Cory Booker's Immigration Plan Focuses on Day-One Changes

The 2020 candidate's plan focuses on executive actions that could happen with or without Congress getting on board.
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Democratic presidential hopeful and former Secretary of Housing and Urban Development Julián Castro (left) speaks as New Jersey Senator Cory Booker and Massachusetts Senator Elizabeth Warren listen during the first Democratic primary debate of the 2020 presidential campaign season at the Adrienne Arsht Center for the Performing Arts in Miami, Florida, on June 26th, 2019.

Democratic presidential hopeful and former Secretary of Housing and Urban Development Julián Castro (left) speaks as New Jersey Senator Cory Booker and Massachusetts Senator Elizabeth Warren listen during the first Democratic primary debate of the 2020 presidential campaign season at the Adrienne Arsht Center for the Performing Arts in Miami, Florida, on June 26th, 2019.

New Jersey Senator Cory Booker released an immigration plan on Tuesday, declaring that, as president, he would "virtually eliminate" immigration detention. Booker is the fourth Democratic primary candidate to release a detailed plan dealing with immigration.

The plan focuses on actions Booker could make on day one of his potential presidency. It outlines how, by leveraging the executive's power over the federal bureaucracy, Booker could change the immigration system rapidly—with or without congressional approval.

The plan centers on fundamental changes to the immigration detention system. Currently, the president has broad powers to instruct Immigration and Customs Enforcement to prioritize the apprehension and detention of certain immigrant offenders over others. In the past, ICE has prioritized arresting and detaining immigrants who present a danger to the community (for instance, immigrants who have committed violent crimes). That's changed under the Trump administration. As I wrote earlier this year:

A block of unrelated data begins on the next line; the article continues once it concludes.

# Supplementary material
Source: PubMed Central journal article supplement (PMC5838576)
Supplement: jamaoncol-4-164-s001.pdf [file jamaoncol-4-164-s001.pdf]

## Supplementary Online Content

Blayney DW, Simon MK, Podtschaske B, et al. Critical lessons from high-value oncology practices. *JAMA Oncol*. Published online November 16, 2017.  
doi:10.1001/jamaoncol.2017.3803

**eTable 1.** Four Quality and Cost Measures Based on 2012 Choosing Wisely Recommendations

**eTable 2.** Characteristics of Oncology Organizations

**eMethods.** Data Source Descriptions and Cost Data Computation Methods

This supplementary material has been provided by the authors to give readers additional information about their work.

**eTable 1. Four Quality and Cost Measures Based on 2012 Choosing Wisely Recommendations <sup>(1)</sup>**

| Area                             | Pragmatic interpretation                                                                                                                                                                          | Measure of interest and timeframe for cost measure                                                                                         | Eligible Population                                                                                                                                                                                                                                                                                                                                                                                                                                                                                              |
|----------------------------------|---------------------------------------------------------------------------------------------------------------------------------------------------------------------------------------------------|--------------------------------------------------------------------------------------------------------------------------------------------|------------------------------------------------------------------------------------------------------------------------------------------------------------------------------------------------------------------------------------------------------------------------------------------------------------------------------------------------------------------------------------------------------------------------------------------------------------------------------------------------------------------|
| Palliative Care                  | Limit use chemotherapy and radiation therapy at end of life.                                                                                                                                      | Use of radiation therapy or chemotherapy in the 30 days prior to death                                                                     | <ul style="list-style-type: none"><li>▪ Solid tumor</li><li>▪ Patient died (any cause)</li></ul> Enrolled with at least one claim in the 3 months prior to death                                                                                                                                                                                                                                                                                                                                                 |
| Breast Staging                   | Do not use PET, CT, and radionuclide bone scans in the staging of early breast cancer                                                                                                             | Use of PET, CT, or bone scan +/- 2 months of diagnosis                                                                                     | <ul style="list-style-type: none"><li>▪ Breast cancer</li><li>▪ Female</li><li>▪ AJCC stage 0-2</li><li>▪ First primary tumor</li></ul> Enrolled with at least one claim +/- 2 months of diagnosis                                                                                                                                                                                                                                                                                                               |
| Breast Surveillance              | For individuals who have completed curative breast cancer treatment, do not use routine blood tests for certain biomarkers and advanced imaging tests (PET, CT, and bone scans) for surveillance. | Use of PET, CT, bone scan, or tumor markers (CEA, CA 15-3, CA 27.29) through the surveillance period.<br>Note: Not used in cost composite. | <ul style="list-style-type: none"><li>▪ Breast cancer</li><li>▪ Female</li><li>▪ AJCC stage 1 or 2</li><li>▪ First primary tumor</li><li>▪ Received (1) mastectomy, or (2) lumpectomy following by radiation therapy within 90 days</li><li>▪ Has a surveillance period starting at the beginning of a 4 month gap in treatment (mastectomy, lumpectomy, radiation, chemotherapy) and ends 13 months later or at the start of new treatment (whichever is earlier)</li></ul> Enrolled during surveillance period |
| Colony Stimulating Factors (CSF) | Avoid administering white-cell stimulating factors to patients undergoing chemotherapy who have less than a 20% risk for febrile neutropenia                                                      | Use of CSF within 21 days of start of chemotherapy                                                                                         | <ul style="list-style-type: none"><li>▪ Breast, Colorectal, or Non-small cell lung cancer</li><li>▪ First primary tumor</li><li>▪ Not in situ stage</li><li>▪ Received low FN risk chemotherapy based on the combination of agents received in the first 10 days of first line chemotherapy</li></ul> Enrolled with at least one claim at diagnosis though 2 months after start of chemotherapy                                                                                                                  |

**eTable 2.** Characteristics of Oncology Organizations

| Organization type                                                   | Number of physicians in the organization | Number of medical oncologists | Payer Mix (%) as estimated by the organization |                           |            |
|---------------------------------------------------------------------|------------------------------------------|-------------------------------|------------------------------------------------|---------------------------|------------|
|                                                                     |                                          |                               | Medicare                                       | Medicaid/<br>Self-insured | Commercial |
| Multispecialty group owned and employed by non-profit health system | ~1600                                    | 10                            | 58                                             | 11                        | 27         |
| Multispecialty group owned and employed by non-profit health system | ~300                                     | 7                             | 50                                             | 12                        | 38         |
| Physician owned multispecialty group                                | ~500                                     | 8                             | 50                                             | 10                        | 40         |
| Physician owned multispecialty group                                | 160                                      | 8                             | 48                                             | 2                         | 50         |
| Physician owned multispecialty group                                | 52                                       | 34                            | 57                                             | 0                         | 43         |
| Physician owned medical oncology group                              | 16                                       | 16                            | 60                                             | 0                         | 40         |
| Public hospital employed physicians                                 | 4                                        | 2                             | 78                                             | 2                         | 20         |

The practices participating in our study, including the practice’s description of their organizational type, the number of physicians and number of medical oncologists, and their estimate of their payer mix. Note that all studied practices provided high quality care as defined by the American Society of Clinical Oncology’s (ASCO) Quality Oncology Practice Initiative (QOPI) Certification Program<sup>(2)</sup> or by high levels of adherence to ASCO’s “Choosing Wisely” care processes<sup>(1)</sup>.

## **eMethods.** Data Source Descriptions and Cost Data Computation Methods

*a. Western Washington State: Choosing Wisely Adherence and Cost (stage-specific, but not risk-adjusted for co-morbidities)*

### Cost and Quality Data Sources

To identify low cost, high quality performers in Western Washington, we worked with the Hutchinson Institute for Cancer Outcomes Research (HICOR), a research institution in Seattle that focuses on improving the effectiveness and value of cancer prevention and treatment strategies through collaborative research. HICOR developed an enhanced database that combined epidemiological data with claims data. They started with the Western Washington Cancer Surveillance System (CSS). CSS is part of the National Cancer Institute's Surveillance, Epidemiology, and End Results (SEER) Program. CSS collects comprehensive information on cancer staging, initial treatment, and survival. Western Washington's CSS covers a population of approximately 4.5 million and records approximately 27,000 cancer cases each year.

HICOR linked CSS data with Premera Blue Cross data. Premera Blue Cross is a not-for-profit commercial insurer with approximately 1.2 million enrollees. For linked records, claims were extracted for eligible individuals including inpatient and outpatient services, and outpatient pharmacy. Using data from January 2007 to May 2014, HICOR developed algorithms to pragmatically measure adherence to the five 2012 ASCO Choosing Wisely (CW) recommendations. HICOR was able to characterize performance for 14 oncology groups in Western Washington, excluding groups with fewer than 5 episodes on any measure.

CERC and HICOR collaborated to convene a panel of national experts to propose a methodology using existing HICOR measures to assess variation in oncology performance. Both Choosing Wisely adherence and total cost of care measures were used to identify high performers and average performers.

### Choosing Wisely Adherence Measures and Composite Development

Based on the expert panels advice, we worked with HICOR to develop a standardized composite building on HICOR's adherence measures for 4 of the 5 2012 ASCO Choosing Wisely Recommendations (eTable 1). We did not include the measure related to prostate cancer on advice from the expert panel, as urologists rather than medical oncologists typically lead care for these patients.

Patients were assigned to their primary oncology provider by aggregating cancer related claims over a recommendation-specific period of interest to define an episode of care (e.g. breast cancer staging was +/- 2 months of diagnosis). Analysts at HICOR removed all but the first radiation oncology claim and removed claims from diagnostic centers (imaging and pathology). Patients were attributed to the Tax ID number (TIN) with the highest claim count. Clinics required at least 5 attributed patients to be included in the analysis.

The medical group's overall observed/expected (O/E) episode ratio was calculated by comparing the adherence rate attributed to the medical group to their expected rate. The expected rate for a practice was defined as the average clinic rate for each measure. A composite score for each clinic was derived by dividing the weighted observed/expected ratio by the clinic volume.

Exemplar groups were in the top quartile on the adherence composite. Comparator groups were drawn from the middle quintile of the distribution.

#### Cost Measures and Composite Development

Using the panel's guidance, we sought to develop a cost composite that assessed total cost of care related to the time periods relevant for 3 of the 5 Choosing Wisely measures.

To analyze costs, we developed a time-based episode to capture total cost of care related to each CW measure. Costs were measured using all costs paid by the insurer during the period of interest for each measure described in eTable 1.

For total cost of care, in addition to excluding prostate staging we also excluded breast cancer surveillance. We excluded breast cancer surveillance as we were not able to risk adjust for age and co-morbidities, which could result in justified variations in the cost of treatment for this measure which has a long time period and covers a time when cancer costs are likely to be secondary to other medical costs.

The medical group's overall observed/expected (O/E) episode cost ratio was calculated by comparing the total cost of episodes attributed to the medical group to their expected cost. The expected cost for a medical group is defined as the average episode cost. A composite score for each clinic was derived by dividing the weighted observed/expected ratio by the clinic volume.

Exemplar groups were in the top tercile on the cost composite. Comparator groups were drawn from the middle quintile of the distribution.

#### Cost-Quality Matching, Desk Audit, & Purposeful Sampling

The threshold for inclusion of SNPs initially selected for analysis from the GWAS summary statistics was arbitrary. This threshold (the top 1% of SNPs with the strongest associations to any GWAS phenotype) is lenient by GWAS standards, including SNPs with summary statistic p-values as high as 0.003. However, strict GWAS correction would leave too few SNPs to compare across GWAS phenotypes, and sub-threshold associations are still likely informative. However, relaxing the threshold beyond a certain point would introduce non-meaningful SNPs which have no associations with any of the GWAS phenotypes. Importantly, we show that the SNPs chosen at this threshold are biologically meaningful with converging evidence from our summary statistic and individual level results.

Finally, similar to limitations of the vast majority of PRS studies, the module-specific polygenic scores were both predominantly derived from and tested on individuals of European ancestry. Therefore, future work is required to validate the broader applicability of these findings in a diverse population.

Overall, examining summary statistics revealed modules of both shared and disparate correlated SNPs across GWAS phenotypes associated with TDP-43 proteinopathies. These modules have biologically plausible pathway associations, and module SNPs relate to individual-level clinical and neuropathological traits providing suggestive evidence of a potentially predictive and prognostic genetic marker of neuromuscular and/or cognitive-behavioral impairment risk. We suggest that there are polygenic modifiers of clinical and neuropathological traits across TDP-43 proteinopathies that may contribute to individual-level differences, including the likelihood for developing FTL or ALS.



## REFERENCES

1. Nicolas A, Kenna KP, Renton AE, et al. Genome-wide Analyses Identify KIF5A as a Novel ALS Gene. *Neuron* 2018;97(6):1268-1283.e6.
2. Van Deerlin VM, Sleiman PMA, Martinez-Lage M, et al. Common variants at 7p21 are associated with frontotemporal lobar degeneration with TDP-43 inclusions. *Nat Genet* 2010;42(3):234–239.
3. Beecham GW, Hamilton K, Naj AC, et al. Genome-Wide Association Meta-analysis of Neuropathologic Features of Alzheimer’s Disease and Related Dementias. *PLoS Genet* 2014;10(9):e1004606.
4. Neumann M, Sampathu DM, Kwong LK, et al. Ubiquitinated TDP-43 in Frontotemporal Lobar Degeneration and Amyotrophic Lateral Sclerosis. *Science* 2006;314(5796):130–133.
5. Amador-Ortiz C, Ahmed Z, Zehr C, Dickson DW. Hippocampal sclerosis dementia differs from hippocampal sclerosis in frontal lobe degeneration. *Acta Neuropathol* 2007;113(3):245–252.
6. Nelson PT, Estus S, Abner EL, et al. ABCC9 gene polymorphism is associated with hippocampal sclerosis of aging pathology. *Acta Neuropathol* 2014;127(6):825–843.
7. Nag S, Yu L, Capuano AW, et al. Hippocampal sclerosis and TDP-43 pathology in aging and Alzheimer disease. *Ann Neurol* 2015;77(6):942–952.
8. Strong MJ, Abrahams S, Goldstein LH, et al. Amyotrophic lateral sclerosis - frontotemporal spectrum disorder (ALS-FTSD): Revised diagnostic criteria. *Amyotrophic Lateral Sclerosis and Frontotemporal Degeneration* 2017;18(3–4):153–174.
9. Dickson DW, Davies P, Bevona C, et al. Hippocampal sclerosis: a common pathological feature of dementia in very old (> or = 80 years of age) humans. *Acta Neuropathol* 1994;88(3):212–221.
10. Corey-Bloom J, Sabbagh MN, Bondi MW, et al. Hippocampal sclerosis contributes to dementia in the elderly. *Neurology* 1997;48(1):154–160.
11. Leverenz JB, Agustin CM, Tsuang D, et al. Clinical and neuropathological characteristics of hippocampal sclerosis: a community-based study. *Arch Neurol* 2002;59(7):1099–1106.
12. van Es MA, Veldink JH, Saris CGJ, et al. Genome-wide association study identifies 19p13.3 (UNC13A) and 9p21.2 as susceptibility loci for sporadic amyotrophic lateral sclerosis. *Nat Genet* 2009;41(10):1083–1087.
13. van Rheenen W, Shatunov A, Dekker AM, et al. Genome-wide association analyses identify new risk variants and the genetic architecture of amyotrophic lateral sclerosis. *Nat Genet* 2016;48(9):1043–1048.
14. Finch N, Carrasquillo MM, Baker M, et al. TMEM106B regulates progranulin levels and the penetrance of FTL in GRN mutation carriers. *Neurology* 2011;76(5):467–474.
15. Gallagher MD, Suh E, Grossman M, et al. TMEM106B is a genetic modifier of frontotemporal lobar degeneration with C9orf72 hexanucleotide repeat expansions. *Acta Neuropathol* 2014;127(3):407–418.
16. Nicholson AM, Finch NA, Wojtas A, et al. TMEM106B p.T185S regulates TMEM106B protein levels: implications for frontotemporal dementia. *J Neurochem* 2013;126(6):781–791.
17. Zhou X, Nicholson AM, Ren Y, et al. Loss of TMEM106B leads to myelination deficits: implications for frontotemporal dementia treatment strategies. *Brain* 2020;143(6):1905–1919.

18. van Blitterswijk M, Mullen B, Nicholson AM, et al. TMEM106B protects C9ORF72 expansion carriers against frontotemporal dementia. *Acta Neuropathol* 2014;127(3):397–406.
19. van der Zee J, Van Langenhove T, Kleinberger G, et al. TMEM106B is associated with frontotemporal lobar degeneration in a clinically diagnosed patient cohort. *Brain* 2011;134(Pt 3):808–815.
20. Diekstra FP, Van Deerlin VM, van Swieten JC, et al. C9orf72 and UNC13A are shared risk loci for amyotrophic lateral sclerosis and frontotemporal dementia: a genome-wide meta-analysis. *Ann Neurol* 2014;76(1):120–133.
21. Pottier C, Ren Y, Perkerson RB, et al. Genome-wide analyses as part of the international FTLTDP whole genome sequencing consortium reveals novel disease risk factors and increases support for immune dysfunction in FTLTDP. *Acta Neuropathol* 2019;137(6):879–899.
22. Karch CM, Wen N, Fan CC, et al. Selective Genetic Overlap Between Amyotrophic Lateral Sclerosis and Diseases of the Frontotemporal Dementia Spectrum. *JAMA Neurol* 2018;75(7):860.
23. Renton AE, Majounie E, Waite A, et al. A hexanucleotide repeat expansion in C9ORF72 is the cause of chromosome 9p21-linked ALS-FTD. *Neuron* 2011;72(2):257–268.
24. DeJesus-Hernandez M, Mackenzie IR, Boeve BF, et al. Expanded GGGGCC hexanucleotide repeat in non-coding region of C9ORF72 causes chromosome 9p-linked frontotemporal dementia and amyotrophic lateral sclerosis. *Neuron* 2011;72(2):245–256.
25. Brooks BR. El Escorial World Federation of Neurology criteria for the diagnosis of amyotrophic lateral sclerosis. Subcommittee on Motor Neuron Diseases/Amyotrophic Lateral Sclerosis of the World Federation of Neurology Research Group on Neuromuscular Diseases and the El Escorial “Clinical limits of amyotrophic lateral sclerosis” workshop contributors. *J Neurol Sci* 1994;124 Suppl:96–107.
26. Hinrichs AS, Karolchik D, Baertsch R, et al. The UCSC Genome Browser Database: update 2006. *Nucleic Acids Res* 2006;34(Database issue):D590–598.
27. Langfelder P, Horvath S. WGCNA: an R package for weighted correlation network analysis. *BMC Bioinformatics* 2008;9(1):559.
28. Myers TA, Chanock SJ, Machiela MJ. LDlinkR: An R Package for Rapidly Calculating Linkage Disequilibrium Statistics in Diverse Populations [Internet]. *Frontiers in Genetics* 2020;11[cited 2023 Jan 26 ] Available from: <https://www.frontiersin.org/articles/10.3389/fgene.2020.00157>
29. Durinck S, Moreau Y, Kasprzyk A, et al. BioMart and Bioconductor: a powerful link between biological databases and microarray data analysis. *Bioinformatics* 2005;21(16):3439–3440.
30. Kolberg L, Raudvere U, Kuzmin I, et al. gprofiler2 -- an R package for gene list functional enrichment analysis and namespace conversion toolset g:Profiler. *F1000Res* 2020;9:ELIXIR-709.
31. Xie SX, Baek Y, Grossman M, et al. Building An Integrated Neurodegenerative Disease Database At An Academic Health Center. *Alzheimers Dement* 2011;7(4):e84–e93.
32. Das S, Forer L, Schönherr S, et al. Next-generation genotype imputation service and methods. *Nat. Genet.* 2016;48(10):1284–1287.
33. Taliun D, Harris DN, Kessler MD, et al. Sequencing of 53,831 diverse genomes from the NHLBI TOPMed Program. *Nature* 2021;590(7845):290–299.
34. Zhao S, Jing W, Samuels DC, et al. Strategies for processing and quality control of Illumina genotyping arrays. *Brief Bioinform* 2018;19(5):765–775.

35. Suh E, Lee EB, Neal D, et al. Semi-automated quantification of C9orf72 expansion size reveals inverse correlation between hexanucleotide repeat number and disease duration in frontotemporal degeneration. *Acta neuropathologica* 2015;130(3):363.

[U]nder President Donald Trump, ICE's priorities have expanded so significantly that the agency's mandate now essentially calls for it to arrest everyone it legally can—not just people who have committed violent crimes, but also mothers and fathers who have worked in the country peacefully for decades.

Booker's plan would take the country's immigration policy in the opposite direction. Instead of ICE apprehending and detaining as many people as possible, Booker would take steps to drastically shrink the number of people ICE targets. Perhaps most significantly, Booker would demand that ICE parole everyone except those who pose a flight risk or potential danger to public safety. This would dramatically decrease the number of people in immigration detention.

Booker also calls for the end of private detention contractors. Private companies currently operate more than two-thirds of the country's immigrant detention centers, which means that the majority of the country's detention space would likely disappear under a Booker presidency.

Like the plans released by former Secretary of Housing and Urban Development Julián Castro and former congressman Beto O'Rourke, Booker's proposal calls for the United States to address the "root causes of migration" in Central America. Castro, O'Rourke, and Booker all call for aid investments in the region—but Booker's plan, with its focus on unilateral executive action, also outlines diplomatic efforts that the Department of State could take to address violence and corruption in Central America.

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